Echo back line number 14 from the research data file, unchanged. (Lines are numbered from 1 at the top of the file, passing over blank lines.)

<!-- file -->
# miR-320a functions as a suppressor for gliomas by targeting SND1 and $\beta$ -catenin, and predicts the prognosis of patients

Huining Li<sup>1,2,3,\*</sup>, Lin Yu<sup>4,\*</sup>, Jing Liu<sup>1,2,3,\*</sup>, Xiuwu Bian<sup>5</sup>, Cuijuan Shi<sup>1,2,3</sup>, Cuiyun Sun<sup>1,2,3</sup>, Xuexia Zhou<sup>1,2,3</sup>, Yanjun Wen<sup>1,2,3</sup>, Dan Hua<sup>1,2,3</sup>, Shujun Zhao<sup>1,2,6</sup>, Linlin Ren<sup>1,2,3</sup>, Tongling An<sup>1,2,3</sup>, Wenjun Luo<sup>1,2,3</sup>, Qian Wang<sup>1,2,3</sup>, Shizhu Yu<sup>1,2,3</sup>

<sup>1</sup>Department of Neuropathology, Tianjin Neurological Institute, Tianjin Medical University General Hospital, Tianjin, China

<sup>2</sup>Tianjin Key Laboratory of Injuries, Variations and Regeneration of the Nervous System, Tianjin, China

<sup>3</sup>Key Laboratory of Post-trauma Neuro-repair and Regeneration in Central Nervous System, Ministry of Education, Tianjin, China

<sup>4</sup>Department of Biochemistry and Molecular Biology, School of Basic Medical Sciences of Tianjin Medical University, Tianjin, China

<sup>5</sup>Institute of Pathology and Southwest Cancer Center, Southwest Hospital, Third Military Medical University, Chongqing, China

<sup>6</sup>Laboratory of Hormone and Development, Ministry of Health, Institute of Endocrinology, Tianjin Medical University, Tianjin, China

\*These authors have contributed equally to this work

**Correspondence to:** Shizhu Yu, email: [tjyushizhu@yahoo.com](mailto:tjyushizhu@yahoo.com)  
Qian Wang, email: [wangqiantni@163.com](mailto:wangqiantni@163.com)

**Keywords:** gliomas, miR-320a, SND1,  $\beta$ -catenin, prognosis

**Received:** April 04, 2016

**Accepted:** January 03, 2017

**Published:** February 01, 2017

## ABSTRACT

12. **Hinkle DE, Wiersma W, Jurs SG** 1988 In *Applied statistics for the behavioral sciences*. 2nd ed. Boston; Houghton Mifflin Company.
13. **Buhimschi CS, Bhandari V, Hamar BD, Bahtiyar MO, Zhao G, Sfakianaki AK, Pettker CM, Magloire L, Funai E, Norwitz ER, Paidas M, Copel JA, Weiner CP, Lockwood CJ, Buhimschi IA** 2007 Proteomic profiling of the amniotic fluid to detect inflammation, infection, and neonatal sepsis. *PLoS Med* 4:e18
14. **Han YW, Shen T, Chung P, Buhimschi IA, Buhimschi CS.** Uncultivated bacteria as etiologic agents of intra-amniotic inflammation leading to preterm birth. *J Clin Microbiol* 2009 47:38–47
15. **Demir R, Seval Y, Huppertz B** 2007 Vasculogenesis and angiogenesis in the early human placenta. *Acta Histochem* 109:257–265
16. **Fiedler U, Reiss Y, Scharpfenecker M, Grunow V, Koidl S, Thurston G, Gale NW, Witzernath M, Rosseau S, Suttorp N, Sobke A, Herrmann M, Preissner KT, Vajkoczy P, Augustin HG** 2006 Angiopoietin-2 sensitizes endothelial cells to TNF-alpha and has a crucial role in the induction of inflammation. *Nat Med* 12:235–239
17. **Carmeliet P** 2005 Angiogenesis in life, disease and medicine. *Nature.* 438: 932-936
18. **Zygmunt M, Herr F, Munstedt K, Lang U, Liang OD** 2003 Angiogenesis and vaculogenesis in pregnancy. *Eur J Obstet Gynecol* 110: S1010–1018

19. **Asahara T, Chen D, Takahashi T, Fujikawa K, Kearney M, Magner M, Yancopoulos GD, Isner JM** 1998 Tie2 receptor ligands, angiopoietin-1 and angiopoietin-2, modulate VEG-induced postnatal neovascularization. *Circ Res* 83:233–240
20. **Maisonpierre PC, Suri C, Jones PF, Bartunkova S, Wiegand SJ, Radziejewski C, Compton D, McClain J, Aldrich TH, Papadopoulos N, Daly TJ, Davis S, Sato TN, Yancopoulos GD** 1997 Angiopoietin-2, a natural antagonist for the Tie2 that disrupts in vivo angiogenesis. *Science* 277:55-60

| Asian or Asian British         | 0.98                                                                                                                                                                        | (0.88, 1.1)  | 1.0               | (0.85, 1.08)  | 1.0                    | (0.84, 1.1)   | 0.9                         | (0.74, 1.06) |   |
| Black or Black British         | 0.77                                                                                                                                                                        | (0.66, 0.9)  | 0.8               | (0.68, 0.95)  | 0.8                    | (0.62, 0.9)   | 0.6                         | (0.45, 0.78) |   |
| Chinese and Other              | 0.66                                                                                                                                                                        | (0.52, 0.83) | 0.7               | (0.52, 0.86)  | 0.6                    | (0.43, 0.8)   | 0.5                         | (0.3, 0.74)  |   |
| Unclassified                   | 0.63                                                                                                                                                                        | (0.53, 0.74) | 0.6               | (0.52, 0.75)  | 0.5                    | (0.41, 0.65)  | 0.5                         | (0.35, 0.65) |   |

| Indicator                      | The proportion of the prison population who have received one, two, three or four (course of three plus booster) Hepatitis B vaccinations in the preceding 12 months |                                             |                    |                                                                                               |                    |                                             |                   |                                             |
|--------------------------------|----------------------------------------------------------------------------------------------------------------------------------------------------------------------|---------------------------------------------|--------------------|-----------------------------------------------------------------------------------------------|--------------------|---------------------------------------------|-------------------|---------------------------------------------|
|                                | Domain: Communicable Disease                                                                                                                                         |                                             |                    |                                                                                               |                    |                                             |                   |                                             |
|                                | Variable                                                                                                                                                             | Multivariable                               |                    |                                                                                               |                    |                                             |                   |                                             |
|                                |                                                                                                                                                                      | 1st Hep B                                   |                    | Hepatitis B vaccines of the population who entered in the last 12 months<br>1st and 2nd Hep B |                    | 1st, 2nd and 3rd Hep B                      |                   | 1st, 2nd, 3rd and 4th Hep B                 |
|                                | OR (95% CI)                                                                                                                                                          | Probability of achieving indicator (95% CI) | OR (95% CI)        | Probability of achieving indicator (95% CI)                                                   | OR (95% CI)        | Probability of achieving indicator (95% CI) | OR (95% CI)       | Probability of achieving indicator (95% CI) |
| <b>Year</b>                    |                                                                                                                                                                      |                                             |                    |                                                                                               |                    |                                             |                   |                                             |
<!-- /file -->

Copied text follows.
**Accepted:** January 03, 2017